point in her travels, Iona Park learned that the Chinese words
for “breath” and “brush mark” are the same. This, she relates
in her industrial-yet-airy studio in Glens Falls, resonated
with her. Looking at her paintings, some hanging on the walls,
others in their infancy on the floor, it’s easy to see why.
Her paintings resemble landscapes seen through a rain streaked
window pane: the color, light dripping across the canvas but
with a few distinct markings, the shadow of something concrete.
As in the names she’s given them—Pulmonary, Slough, Billow—there’s
a strong sense of rhythmic movement. Park explains that her
“inclinations about process and mark-making guide [her] rather
than the goal of a particular image.” She sites the paintings
of Caravaggio in comparison. “You want to lick them, they’re
gorgeous,” she says, referring to the smooth, lush surfaces
of his canvasses. But the process is invisible. Being able
to see the process, Park says, is what excites her.
exhibits her work regionally, with a two-person show this
past summer at the Lake George Arts Project. Her work also
has appeared in the Mohawk-Hudson Regional, Albany Center
Gallery Invitational, and small group shows in New York City.
as an undergraduate at Dartmouth College, studying archaeology,
that Park first got interested in process as an end in itself.
Because the body of knowledge in any archaeology project can
be so limited—a shard of pottery there, a knife handle there—it’s
not the final answers that are important. “It comes down to
the great questions you can ask,” she says. The same is true
of painting. “Painting reflects the quality of one’s inquiry,”
she says. “The more curious you are, the more you question
your conclusions, the richer the painting.”
lessons still inform her thinking about painting. Park says
she doesn’t know what her paintings will look like when she
starts out but she remains open to discovery. Each step determines
to Dartmouth College, Park studied painting at Indiana University,
with time served at the New York Studio School and Vermont
Studio Center. When she came to New York City in 1997, she
followed a path well-worn by decades of artists before her.
She waitressed, temped, painted and got married, with a brief
interlude as a tenure-track professor at Colorado State University.
On her return to New York in 2000, she painted full-time,
showing here and there; she sold works out of her studio to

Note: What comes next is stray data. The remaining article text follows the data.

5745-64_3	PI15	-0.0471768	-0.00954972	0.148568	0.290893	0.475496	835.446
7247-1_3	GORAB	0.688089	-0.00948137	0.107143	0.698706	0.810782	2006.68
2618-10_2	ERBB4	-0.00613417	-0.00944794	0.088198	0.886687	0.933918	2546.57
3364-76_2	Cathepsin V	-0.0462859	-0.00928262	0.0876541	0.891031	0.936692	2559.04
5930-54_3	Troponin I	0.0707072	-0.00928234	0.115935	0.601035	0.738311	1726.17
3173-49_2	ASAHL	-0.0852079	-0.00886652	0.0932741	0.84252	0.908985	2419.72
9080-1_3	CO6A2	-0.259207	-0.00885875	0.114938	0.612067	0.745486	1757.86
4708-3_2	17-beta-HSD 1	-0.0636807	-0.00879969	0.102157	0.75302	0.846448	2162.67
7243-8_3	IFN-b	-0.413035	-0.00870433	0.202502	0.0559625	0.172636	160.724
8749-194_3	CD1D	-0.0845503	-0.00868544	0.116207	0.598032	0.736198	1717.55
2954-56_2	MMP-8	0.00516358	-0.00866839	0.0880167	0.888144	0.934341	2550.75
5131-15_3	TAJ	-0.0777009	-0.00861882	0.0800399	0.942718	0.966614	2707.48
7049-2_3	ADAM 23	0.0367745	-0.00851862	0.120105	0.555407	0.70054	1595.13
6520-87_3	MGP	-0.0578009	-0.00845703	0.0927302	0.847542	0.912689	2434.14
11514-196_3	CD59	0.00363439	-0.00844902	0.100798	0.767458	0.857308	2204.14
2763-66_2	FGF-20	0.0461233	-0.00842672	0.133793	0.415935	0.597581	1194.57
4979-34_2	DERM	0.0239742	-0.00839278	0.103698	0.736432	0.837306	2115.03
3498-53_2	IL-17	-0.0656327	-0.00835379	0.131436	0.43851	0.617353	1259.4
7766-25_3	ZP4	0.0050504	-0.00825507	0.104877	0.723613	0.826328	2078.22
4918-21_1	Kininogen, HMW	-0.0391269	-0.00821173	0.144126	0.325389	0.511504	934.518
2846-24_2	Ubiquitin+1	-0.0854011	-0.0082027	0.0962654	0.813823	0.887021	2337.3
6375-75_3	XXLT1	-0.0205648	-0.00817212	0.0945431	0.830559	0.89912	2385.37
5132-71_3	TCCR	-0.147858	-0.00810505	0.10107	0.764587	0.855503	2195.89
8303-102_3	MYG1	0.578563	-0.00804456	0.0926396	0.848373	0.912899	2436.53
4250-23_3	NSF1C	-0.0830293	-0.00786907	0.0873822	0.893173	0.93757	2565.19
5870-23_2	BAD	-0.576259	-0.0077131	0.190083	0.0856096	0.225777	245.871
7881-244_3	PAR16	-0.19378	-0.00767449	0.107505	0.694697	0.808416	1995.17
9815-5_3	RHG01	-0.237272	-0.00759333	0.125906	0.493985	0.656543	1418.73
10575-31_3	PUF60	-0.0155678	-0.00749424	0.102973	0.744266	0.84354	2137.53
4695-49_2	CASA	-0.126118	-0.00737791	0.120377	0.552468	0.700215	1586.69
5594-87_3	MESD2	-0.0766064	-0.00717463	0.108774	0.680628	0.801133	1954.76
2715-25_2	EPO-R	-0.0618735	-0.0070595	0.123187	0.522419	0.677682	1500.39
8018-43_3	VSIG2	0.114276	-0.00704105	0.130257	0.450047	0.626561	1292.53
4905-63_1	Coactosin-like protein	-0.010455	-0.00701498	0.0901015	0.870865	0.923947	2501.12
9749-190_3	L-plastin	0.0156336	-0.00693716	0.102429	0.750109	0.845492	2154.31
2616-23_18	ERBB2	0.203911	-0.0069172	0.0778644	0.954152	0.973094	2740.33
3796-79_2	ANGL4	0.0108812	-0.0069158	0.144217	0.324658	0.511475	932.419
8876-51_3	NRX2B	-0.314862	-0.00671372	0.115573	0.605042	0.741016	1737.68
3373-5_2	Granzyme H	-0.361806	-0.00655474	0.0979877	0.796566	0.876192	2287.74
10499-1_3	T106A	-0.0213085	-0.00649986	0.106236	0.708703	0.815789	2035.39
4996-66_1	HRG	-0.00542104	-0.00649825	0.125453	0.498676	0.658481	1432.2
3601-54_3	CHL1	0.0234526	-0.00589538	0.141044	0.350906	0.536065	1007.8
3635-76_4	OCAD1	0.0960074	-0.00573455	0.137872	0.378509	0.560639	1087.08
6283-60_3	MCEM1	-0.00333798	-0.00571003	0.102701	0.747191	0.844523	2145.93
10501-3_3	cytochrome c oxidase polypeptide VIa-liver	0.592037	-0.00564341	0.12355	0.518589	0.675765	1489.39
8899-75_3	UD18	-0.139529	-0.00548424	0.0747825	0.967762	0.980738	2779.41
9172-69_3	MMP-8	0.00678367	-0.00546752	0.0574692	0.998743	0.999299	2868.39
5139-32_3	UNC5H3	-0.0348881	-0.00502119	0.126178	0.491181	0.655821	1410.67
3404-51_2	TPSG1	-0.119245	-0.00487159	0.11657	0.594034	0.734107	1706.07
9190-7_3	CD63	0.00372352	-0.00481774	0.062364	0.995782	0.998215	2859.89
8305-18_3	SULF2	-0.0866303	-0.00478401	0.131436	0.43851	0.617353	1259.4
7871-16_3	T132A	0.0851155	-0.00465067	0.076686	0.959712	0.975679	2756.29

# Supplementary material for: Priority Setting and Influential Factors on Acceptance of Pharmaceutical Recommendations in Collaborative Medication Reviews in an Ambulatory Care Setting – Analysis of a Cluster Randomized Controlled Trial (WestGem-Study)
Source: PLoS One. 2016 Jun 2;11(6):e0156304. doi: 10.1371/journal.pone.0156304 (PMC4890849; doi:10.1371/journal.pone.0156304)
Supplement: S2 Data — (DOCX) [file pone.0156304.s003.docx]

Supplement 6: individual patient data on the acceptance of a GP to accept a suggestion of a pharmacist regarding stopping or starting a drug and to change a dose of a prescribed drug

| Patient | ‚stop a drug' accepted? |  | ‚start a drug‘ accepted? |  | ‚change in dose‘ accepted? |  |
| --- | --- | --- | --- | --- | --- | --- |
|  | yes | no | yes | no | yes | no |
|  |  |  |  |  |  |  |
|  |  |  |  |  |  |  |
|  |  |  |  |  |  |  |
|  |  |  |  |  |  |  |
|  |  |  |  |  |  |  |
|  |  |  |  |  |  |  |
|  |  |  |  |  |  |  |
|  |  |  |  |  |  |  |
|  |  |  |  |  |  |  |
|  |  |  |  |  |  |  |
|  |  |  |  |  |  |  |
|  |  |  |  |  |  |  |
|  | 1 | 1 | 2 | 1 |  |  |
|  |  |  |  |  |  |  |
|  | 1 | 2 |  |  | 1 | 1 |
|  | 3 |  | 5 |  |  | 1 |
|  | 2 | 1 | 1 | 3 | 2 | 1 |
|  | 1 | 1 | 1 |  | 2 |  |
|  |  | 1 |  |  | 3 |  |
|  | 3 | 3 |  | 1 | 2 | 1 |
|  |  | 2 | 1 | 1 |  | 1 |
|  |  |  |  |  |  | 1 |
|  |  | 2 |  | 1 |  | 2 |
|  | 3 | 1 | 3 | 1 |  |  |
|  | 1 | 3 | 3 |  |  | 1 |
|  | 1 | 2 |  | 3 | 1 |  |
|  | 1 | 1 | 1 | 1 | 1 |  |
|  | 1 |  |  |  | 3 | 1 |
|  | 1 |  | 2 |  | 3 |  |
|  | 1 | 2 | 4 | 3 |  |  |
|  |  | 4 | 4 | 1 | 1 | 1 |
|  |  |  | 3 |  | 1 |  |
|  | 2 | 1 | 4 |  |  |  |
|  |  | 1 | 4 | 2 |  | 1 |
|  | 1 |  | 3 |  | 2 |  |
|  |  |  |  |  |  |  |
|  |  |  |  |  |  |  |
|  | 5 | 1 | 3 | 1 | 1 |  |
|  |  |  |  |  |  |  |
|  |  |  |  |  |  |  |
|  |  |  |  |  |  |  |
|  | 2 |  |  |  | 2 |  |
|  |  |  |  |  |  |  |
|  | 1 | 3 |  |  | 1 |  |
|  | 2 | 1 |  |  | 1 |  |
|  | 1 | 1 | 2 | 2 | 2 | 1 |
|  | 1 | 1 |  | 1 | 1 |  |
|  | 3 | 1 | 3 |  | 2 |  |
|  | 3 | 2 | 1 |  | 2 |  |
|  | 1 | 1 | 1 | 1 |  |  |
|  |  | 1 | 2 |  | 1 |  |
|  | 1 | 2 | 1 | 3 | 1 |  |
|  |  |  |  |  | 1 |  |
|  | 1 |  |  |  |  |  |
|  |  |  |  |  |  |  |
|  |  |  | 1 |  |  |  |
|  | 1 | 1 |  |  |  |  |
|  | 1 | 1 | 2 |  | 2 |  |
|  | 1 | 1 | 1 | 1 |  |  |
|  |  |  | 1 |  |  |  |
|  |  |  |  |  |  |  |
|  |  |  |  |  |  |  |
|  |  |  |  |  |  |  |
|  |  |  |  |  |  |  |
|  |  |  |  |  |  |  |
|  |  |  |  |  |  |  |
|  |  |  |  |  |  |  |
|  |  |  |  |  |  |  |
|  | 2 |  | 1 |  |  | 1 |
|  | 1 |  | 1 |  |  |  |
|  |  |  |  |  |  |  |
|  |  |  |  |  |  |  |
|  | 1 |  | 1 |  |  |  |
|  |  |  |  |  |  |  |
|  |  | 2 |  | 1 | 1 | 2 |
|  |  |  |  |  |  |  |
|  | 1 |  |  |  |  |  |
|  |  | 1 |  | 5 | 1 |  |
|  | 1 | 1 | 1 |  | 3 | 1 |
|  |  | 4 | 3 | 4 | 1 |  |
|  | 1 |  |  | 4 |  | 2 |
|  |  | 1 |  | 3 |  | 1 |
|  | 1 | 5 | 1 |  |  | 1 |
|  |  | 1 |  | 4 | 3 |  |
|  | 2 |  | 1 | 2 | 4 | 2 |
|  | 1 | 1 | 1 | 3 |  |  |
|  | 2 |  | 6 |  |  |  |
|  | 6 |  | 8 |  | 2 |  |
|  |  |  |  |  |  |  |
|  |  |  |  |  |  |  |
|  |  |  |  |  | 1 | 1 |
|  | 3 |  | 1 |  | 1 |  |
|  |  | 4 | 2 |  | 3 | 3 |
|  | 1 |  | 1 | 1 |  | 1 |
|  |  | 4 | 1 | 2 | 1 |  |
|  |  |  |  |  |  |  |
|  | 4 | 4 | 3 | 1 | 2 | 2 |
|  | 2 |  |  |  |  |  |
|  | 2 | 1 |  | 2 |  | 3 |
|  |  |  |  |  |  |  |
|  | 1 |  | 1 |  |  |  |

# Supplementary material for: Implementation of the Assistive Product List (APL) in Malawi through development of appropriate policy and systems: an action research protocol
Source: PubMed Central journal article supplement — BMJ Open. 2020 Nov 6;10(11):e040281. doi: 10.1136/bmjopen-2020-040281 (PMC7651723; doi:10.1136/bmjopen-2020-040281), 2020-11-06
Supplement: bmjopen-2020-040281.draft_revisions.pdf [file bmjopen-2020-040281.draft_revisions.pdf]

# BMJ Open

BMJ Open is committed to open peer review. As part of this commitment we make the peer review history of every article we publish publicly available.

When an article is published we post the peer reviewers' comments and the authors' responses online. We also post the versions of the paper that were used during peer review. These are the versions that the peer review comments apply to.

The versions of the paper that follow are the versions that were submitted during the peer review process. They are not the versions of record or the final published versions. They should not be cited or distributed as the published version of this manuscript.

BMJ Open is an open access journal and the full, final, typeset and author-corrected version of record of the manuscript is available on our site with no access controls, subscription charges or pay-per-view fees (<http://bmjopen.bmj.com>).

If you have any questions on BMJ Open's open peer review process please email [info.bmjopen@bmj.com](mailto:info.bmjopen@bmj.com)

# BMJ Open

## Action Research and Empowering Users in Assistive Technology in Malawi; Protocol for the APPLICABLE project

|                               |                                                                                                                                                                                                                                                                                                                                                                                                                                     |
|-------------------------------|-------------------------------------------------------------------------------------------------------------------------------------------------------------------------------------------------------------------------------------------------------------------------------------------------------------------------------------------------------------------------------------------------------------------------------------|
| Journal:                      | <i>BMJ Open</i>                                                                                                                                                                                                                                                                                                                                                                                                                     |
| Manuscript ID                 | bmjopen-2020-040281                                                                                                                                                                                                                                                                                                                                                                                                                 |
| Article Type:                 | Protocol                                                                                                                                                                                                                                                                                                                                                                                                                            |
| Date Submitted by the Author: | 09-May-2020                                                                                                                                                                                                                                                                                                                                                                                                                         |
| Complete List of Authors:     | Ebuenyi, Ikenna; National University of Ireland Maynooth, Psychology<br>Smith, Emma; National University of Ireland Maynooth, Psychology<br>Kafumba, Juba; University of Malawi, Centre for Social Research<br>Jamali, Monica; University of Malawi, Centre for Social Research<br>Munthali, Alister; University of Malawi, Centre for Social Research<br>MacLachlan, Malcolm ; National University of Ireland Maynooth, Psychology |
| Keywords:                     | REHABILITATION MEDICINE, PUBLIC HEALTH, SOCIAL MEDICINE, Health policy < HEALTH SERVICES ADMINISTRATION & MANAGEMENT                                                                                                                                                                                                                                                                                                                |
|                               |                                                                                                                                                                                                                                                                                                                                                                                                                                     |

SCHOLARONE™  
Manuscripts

private clients she connected with through her husband’s architectural
business. But New York, as it often does, became less viable
as a permanent place to live, and Park began looking farther
began teaching full-time at Skidmore College in 2004. Her
method of teaching reflects her strategies for painting. She
provides her students with neutral subjects—figures, still
lifes—a blank slate through which they discover the patterns,
palettes, techniques that intrigue them.
method, she hopes, will help her students discover their own
voices rather than adopt hers. “I can’t imagine anything worse,”
she says. “Clones of me.” After a challenging first year at
Skidmore, she’s become very involved in her teaching, waking
up in the middle of the night with ideas for her classes.
Seeing the process of discovery in her students and the originality
in their work keeps the teaching exciting for her, though
she hopes to find more time for her own work.
to upstate New York was also a difficult passage, and Park
had trouble settling into her painting after the move. Her
city paintings had been influenced by the urban landscape
she walked with her camera, the gridlike streets of Manhattan.
First there were triptychs, three eight-inch square plywood
panels she painted with water-based mediums. Then she expanded,
painting grids of 32 panels laid out as neatly as a map of
New York. Though her work sold, the form began to feel too
refined, and she was unable to complete her last commission.
period followed, and then the panic of not working for a time.
After relocating upstate, she fell back onto the landscapes
she knew, but the grids were tied to New York City and nothing
came of it. The first really new pieces emerged devoid of
color, much like a pale, wintry day, but she saw her use of
materials expanding. Park had begun experimenting with different
kinds of gesso (acrylic and traditional), and casein, a milk-based
paint used for outdoor frescoes that she made herself. She
also began layering Asian papers onto her canvases, which
she sanded, buffed, pulled off, tore away. Eventually, color
began to reenter her work, while her pieces also expanded
in size to match her new landscape. This, she says, shook
things up. Her latest paintings, featured at the show at the
Lake George Arts Project, were a big release, she says, deeply
felt abstracts intuitively inspired by landscapes, rich with
color and distinctively marked.
says she got her first taste of art in the house she grew
up in, in Michigan: Her father, a Korean immigrant, stocked
the home with paintings. As an adult, she has made two trips
to Korea. Seeing that country’s art firsthand helped her jettison
the notion of oil paint—and Caravaggio—as the gold standard.
As in Chinese paintings, there is a deep reverence for the
landscape that permeates the culture. She hopes to return
to Asia in the next two to three years to explore these and
other themes that resonate with her own work.